Someone said "what would you rather her do?". It didn't sound correct to me. So, I said it's "what would you rather she does?". Someone else said it isn't correct either and said it's "what would you rather have her do?". This sounded better to me, but I want to know if I was wrong.


8 Answers 8


It is difficult for one who is not a trained linguistics/grammar expert to sort this one out. However my native ear tells me that all of the following are idiomatic, and in daily use in GB.

What would you rather she do. (Some might argue that does could be substituted here, but I certainly prefer do)

What would you rather her do.

What would you rather have her do.

  • I'm fine with all three verb forms in What would you rather she do / does / did? in the cited context, but I can't go along with your second example above (though the final one is fine with have). Aug 15, 2022 at 16:03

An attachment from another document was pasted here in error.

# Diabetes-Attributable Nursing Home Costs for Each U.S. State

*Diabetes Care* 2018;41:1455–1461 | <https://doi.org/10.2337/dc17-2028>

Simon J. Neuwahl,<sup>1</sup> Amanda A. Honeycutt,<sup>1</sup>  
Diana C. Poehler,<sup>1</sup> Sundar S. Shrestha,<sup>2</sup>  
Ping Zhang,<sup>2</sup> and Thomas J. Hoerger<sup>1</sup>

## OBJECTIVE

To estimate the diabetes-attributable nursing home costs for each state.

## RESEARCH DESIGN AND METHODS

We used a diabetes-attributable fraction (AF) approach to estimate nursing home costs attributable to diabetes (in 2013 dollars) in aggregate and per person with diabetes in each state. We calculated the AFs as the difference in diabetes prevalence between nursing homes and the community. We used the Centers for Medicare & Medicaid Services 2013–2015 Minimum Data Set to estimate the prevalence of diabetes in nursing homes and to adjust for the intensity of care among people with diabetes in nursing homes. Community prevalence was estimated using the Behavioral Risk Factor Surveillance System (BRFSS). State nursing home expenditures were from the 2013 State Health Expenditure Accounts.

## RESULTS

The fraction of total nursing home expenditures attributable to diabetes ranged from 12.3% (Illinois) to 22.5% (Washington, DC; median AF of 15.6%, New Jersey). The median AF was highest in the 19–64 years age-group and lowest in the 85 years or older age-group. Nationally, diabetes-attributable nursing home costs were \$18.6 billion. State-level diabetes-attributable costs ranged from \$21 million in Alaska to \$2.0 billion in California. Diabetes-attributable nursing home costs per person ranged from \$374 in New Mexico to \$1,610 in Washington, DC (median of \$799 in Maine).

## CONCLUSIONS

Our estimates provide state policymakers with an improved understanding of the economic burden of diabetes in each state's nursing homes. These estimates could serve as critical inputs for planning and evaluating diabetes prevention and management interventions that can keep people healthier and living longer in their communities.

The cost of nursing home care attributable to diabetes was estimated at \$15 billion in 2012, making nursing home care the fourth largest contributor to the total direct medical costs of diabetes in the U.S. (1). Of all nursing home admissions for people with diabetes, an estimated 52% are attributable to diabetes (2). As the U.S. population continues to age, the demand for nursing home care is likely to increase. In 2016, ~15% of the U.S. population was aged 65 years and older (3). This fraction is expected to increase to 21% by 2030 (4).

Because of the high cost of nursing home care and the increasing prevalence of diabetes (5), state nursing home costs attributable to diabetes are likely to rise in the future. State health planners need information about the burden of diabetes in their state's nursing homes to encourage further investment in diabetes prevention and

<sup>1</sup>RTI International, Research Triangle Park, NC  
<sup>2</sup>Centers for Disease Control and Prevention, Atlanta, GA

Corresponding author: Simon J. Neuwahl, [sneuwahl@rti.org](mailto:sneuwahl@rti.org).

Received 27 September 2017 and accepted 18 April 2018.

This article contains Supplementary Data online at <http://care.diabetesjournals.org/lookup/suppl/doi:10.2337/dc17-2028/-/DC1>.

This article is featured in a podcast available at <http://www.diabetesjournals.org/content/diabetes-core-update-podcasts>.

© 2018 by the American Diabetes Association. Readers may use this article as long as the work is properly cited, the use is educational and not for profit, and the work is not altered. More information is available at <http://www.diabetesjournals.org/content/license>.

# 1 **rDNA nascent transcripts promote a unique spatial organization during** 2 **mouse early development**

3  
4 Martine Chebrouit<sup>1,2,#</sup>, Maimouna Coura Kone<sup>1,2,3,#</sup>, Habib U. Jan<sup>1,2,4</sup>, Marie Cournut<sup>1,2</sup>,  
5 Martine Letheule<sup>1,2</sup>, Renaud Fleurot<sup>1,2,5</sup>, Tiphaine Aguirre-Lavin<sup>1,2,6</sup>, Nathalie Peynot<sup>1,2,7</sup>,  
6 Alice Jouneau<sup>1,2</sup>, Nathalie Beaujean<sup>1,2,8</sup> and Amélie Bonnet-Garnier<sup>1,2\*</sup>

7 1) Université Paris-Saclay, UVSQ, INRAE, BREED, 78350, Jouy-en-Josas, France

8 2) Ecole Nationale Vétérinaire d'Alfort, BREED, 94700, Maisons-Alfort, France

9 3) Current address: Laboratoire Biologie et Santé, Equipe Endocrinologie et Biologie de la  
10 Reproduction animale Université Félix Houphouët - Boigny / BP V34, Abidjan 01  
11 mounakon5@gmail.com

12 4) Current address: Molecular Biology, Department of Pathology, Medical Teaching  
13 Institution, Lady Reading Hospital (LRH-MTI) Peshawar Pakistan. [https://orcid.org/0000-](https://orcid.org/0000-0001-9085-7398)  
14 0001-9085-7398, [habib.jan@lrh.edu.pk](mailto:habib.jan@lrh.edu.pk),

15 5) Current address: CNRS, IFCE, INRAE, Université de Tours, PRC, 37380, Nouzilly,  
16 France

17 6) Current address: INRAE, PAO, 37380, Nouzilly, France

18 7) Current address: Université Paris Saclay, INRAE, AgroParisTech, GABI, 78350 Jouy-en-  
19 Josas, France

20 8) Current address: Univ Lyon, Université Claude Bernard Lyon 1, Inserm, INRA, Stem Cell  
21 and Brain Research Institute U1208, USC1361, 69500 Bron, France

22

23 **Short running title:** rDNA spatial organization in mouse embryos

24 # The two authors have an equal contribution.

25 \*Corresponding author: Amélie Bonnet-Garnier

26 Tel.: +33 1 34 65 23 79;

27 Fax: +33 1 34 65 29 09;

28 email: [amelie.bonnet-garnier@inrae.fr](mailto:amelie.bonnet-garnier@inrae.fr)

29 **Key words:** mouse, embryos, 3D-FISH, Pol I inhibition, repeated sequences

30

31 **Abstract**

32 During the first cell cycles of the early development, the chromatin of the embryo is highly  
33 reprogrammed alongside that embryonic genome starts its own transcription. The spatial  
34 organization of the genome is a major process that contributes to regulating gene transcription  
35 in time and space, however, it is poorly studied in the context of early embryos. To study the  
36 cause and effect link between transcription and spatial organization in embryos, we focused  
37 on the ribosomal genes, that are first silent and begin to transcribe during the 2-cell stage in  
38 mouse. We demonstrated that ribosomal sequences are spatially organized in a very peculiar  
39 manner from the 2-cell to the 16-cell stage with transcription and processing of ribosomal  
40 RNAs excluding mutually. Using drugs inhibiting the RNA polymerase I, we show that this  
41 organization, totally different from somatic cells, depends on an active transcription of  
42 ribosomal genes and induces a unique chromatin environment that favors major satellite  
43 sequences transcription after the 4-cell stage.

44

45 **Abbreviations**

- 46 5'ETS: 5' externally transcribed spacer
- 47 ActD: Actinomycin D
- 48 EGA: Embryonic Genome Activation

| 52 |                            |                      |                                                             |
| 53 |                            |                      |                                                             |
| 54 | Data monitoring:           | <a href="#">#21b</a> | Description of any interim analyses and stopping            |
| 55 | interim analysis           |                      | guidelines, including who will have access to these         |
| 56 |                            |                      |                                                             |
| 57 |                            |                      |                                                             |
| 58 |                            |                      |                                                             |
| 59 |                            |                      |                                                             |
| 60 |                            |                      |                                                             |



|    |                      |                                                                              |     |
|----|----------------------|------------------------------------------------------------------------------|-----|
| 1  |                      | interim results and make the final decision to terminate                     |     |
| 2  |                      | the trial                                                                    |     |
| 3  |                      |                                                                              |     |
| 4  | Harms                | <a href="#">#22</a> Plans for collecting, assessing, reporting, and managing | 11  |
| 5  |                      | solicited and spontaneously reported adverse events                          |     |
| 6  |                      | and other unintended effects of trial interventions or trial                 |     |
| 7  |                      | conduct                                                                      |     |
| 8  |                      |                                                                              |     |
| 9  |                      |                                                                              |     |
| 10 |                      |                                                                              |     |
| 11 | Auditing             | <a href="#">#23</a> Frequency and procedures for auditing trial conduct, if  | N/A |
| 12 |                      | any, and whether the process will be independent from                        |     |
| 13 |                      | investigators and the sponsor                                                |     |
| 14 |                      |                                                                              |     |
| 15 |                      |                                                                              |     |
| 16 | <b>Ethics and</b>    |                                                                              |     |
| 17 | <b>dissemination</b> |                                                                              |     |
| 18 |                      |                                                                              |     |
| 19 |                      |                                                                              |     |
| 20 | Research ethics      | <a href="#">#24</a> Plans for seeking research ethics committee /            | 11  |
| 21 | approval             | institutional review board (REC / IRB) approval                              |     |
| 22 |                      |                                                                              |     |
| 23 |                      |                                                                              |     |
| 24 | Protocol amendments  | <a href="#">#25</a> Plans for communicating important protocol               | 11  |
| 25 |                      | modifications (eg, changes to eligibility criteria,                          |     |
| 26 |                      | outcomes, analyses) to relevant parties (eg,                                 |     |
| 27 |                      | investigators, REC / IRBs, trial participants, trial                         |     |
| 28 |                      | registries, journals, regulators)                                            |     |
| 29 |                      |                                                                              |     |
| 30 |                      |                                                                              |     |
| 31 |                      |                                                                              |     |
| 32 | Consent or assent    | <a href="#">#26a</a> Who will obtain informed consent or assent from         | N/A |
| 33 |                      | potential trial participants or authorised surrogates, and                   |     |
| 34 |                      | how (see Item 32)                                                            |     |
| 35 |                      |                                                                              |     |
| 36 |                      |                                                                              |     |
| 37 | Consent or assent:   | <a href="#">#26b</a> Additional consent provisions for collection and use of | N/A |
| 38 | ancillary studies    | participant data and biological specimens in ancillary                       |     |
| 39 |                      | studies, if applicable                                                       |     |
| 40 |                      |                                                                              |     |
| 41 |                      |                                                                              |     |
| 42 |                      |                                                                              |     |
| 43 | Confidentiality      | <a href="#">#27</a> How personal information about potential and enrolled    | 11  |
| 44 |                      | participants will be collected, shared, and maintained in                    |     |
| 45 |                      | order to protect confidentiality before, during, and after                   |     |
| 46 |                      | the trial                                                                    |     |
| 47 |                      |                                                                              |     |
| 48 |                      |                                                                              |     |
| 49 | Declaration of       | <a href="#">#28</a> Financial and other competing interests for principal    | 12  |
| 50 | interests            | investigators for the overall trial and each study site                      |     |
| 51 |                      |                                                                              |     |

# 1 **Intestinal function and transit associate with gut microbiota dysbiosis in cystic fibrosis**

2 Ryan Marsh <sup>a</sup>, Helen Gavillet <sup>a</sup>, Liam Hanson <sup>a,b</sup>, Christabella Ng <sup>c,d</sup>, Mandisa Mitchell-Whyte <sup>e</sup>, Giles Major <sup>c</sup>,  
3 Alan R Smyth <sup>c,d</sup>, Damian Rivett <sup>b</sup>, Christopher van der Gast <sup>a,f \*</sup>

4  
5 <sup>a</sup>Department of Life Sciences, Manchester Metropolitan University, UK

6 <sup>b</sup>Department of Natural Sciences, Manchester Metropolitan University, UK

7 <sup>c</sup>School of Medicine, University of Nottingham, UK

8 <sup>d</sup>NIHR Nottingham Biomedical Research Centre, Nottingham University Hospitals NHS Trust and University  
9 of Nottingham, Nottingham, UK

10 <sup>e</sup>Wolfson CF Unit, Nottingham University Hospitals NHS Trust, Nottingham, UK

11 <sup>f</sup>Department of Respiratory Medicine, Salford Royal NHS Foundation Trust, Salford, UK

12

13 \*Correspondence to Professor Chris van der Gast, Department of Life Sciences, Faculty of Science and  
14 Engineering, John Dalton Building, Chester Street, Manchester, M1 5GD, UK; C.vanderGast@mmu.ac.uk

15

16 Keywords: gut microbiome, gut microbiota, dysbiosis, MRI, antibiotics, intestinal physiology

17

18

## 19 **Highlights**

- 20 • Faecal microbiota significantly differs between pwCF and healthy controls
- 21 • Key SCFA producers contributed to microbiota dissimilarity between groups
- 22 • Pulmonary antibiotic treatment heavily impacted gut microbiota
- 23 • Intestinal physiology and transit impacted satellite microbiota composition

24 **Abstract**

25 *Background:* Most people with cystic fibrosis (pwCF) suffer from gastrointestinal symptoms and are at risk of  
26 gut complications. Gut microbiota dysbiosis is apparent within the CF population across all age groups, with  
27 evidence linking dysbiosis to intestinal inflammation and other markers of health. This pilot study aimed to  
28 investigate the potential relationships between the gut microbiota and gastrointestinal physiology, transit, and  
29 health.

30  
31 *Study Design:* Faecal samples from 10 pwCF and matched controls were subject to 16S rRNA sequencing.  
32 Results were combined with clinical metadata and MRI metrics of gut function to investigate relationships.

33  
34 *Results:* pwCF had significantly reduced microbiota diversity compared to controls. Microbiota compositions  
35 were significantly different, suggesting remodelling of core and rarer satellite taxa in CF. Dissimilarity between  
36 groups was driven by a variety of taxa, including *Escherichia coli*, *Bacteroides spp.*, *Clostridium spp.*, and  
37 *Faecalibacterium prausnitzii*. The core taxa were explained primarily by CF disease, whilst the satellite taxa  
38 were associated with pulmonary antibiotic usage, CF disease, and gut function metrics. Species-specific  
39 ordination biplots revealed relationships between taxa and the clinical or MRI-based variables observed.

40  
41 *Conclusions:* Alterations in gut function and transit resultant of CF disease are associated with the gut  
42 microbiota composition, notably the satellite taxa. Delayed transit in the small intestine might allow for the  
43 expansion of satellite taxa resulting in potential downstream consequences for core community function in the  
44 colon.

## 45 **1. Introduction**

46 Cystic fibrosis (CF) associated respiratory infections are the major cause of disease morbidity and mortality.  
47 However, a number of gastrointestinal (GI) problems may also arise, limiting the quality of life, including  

• If you find #2 "okay", how do you react to Where would you rather him go? and What would you rather me say? Your "her" version puts me in mind of Somerset dialect. But I can't get my head round those "him" and "me" alternatives at all, even though syntactically they seem to be doing the same thing. Aug 15, 2022 at 17:20
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    @FumbleFingers Is it not simply elision? The "have" is still there, in all cases, but just not spoken. However I do rather agree with you that the shorter versions come across as a bit downmarket. My own original dialect was Norfolk which - as a county both linguistically and culturally of the south - has more in common with Somerset than it does with neighbouring Lincolnshire, which is linguistically northern. So perhaps my affinity for #2 is down to something I heard with a pitchfork in my hand.
    – WS2
    Aug 15, 2022 at 20:03
  • I guess it's up to you how you "internally rationalise" the syntax of #2. Obviously it's somehow "acceptable" to you, or you wouldn't have written it. If you put it down to elision, doesn't that suggest you should also be familiar with a kind of slurred "intermediate" version between #2 and #3 (What would you rather've her do?) In my experience, elided words like that usually had and often retain a half-hearted attempt to semi-articulate the "missing" element. But personally I find that particular 've almost impossible to generate - it certainly doesn't sound / feel natural to me! Aug 16, 2022 at 3:03